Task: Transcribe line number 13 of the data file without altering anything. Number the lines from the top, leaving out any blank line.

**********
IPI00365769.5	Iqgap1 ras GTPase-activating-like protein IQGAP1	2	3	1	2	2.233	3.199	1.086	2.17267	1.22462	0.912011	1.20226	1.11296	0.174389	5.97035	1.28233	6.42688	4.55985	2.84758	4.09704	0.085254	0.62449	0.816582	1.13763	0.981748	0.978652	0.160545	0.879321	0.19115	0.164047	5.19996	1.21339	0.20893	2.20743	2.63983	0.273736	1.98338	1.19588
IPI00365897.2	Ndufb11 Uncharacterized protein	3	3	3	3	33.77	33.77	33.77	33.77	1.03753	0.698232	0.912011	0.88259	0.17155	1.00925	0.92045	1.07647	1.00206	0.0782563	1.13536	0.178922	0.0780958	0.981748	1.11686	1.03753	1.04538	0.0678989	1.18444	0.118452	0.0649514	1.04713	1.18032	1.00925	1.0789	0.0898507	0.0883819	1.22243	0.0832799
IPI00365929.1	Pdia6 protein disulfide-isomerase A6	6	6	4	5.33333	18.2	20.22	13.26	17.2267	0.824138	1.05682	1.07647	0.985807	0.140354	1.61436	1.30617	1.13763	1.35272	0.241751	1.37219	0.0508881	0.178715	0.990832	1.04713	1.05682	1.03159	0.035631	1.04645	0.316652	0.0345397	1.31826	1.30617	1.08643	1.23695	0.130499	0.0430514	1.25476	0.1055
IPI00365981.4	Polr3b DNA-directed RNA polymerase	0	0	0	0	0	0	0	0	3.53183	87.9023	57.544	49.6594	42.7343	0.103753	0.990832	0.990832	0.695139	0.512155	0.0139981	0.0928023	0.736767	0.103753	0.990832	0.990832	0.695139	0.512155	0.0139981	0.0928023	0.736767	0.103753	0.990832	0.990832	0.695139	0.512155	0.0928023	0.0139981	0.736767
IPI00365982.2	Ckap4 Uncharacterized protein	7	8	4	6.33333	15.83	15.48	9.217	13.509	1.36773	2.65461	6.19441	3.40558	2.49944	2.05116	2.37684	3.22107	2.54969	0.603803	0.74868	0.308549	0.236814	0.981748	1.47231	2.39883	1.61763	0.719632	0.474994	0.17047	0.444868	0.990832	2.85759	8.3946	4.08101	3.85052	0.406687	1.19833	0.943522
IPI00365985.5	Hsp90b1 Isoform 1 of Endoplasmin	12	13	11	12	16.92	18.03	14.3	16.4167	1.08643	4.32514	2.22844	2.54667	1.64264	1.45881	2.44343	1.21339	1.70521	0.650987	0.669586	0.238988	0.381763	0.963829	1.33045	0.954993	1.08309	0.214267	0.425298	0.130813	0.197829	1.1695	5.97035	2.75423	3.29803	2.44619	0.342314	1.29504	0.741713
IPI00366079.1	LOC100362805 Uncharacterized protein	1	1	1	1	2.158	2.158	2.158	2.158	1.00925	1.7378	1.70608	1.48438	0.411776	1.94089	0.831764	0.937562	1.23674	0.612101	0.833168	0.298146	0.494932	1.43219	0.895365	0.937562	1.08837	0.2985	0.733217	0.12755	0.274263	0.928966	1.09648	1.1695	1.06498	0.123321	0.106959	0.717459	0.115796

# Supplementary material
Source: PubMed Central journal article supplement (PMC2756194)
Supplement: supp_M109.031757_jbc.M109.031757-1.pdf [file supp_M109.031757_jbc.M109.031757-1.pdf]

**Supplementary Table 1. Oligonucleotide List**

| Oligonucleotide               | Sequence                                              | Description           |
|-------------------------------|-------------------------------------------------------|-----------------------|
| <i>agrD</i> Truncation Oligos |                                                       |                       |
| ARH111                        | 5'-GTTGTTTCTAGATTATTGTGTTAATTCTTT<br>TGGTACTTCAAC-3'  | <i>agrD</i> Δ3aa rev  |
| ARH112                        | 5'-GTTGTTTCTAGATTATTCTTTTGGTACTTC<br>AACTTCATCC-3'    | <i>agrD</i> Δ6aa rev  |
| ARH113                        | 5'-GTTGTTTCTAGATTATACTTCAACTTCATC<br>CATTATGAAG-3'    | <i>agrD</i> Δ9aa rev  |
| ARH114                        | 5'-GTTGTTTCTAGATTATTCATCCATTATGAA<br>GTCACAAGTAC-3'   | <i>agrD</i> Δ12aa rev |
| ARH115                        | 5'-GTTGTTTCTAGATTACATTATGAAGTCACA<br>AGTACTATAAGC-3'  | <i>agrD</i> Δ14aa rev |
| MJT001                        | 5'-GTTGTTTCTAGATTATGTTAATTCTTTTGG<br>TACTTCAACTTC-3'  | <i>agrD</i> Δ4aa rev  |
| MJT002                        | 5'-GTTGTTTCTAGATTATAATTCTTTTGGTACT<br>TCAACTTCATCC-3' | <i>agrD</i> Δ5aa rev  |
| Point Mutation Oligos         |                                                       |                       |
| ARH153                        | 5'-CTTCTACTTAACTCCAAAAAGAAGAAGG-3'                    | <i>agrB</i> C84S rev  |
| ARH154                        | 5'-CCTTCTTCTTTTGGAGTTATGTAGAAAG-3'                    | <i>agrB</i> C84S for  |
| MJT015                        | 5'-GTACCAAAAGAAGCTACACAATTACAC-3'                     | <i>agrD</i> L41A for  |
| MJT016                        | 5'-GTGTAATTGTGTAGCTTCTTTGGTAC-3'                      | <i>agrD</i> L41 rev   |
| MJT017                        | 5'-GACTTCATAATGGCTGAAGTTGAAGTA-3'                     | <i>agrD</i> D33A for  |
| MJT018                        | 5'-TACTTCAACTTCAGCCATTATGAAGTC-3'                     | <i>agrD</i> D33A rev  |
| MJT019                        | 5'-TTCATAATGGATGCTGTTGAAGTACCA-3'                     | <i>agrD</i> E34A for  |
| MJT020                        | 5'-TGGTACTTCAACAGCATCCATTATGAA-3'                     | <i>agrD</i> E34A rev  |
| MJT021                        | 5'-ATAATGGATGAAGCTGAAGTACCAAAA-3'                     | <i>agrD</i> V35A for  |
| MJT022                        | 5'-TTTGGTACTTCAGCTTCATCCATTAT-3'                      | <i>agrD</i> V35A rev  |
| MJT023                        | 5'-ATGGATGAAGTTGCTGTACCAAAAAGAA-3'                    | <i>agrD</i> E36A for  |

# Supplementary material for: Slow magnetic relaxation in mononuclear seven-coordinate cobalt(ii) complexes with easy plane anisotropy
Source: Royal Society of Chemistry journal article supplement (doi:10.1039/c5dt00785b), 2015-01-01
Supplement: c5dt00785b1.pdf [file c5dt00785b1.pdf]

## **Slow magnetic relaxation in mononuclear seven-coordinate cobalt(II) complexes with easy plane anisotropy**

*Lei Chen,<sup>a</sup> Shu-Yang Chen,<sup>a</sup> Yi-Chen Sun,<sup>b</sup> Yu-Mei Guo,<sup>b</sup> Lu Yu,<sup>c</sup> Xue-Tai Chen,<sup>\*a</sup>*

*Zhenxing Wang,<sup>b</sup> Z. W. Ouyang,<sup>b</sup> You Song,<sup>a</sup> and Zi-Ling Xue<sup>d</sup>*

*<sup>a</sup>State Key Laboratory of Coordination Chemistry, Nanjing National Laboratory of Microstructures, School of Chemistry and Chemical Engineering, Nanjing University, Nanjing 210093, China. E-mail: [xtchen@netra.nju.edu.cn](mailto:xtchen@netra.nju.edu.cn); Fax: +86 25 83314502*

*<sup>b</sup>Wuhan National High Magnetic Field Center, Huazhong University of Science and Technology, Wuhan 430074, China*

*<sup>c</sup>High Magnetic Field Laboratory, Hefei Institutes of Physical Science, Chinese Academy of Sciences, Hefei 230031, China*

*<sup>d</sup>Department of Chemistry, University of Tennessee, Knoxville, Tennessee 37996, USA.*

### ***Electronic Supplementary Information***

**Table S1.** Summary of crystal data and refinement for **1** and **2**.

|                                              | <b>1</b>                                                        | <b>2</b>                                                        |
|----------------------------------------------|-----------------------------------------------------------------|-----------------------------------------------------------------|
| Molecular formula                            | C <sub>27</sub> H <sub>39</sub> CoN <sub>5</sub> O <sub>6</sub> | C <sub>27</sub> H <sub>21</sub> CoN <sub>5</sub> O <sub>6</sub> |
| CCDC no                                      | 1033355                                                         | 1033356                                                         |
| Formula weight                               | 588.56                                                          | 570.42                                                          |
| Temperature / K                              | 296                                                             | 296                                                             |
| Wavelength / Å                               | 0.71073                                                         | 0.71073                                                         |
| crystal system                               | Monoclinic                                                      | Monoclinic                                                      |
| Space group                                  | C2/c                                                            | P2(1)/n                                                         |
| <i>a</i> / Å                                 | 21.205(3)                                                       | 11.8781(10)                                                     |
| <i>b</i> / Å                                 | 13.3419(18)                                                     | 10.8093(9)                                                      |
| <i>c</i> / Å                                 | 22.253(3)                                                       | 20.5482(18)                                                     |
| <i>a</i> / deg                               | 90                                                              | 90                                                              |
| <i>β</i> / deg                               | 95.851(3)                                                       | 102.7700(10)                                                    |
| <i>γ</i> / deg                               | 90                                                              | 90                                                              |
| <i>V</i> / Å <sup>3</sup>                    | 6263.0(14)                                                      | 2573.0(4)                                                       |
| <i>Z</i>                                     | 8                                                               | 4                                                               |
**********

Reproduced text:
|-------------------------------|-------------------------------------------------------|-----------------------|